Home » Reviews » Language Before Language: The Grid, Eli Payne Mandel, Carcanet Poetry 2023

Language Before Language: The Grid, Eli Payne Mandel, Carcanet Poetry 2023

Reviewed by Josephine Balmer

‘The gift of tongues’, writes Eli Payne Mandel in his exhilarating first collection, The Grid, ‘is as fickle as lightning.’ In a series of eclectic verse – prose poems, concrete poems, ekphrases, as well as classical versions and translations – Mandel examines how lost literary cultures, and their languages, might be recovered. Through his ruminations on the Linear B scholar Alice Kober, as well as his own dialogues with the poetry of Homer, Pindar, Horace and Ovid, among others, he explores not just how we respond to ancient texts but how, in the very attempt of their decipherment, whether successful or not, we must ask ourselves fundamental questions about our relationship with literature and language. How all writers must struggle with meaning, with revision, with articulation itself.


In particular, the first section of the book, ‘The Grid’, concerns the life and career of classical scholar Alice Kober, whose work on the deciphering of Linear B script was until recently overlooked, overshadowed by the discoveries of Michael Ventris a few years after her death in 1950, aged forty-four. It was Ventris who identified that Linear B was a form of Greek but Kober who first recognised it as an inflected language, paving the way for Ventris’s eventual breakthrough. In 186,747 index cards and records – using the back of hymn sheets and receipts during the Second World War when paper was in short supply – Kober classified the known examples of Linear B, mostly inscribed on clay tablets excavated from the Minoan palace of Knossos on Crete by Sir Arthur Evans in the early twentieth century. As Mandel informs us, these were then stored in ‘one cigarette carton after another. Often the individual cards are gridded: together they form a grid too large to piece together.’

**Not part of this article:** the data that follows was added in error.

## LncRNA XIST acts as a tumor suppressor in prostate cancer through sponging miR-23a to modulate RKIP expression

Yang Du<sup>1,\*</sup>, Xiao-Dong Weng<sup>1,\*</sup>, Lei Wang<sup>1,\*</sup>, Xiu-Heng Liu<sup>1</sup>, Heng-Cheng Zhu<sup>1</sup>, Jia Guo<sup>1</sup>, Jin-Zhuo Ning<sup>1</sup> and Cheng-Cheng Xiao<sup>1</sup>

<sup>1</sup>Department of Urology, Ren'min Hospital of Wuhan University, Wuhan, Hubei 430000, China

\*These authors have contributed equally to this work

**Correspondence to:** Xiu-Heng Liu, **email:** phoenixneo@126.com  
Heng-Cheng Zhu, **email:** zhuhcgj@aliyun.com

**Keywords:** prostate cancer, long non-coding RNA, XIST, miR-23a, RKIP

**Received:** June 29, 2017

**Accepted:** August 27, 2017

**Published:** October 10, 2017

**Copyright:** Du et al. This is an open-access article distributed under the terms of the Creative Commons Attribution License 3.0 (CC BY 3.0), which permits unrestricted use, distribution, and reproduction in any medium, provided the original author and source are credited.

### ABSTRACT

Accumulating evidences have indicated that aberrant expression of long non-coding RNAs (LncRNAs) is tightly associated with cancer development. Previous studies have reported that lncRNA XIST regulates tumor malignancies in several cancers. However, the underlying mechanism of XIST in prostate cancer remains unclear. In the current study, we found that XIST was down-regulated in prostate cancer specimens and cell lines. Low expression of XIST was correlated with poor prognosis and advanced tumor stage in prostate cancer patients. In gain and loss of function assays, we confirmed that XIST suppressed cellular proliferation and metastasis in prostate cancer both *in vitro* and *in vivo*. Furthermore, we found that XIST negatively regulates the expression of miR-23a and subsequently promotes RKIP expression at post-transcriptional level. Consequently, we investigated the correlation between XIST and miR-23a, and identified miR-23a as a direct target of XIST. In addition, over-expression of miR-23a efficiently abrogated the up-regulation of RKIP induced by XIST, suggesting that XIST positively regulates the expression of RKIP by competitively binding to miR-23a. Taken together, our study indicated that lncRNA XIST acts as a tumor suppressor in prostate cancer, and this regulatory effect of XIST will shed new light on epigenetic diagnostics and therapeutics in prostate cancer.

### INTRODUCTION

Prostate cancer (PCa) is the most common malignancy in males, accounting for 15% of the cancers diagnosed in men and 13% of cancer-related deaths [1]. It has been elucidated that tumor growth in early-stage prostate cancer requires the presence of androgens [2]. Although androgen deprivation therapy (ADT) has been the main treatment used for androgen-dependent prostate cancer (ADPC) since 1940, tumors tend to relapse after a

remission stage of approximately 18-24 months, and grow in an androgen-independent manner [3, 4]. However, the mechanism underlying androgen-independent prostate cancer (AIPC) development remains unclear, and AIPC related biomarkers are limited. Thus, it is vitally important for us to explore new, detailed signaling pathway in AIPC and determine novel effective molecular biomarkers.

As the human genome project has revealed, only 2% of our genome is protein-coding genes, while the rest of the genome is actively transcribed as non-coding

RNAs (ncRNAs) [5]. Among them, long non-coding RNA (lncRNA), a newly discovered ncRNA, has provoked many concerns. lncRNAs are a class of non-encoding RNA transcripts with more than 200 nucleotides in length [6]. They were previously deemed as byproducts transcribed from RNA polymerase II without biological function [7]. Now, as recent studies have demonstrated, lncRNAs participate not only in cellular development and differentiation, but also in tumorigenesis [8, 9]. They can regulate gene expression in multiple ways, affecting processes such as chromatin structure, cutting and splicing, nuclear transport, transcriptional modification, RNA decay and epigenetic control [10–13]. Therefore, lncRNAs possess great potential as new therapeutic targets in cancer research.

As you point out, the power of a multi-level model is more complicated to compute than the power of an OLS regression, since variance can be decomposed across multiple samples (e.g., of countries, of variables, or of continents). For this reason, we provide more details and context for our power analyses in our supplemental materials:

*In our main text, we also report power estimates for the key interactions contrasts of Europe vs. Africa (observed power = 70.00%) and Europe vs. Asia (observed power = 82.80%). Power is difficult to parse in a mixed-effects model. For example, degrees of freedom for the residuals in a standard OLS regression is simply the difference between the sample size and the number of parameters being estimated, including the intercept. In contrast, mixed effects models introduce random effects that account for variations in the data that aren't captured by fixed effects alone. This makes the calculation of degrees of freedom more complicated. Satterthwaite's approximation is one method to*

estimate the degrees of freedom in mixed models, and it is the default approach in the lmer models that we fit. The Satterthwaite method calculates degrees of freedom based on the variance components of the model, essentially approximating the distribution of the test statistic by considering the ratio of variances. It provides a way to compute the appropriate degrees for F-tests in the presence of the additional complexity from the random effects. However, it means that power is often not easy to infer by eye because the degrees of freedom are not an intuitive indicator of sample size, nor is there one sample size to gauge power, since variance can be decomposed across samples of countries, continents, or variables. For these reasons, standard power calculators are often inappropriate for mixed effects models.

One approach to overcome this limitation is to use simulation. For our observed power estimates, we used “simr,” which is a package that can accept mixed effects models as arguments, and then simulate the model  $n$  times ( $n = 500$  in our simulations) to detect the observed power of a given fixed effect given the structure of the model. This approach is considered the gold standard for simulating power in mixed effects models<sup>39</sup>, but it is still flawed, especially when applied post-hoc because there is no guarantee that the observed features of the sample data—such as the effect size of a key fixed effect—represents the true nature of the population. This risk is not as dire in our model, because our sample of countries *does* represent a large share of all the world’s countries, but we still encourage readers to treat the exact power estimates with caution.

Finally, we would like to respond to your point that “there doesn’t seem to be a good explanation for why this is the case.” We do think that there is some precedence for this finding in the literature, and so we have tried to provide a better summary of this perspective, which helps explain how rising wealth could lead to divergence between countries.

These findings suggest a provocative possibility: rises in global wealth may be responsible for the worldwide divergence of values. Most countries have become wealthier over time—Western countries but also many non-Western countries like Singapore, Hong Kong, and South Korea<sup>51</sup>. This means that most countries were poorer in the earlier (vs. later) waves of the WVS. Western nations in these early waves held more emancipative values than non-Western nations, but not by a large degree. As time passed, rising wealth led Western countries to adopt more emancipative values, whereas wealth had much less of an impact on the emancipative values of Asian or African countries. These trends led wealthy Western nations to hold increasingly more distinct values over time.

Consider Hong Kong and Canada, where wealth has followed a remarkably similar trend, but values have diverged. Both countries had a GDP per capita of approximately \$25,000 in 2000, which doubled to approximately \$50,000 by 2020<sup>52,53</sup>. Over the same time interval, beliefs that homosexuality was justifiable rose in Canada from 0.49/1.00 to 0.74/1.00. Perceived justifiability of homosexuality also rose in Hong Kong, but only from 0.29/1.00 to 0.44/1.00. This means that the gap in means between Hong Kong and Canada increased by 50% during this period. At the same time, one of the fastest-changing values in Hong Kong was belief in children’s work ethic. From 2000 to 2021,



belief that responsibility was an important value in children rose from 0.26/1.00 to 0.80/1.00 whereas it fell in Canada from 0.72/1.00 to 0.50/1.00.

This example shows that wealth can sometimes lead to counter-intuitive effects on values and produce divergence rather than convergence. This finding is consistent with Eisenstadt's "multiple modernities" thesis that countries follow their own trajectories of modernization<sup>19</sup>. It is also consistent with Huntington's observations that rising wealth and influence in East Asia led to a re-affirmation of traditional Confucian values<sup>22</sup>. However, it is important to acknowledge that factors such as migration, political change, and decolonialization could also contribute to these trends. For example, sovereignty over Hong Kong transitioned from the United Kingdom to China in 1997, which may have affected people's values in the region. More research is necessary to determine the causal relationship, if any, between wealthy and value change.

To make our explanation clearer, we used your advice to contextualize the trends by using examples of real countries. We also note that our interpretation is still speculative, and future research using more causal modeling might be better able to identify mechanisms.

In addition, an exhaustive archive, including four notebooks, is now held in the archive of The Program in Aegean Scripts and Prehistory at the University of Texas at Austin. In 125 short, numbered poems, Mandel scours these records for material, reconstructing an extraordinary life and consciousness, scrap by scrap, from ordinary, commonplace observances:


[41]  Kober was not sentimental or romantic about the lost inhabitants of Crete and their writings. For her there was no labyrinth or minotaur. Calculation, not dream, was the ground of her work. But several times she writes in her letters: “The tablet is injured there, if the photograph shows it correctly.” As if it had a body, and hurt were the property of clay.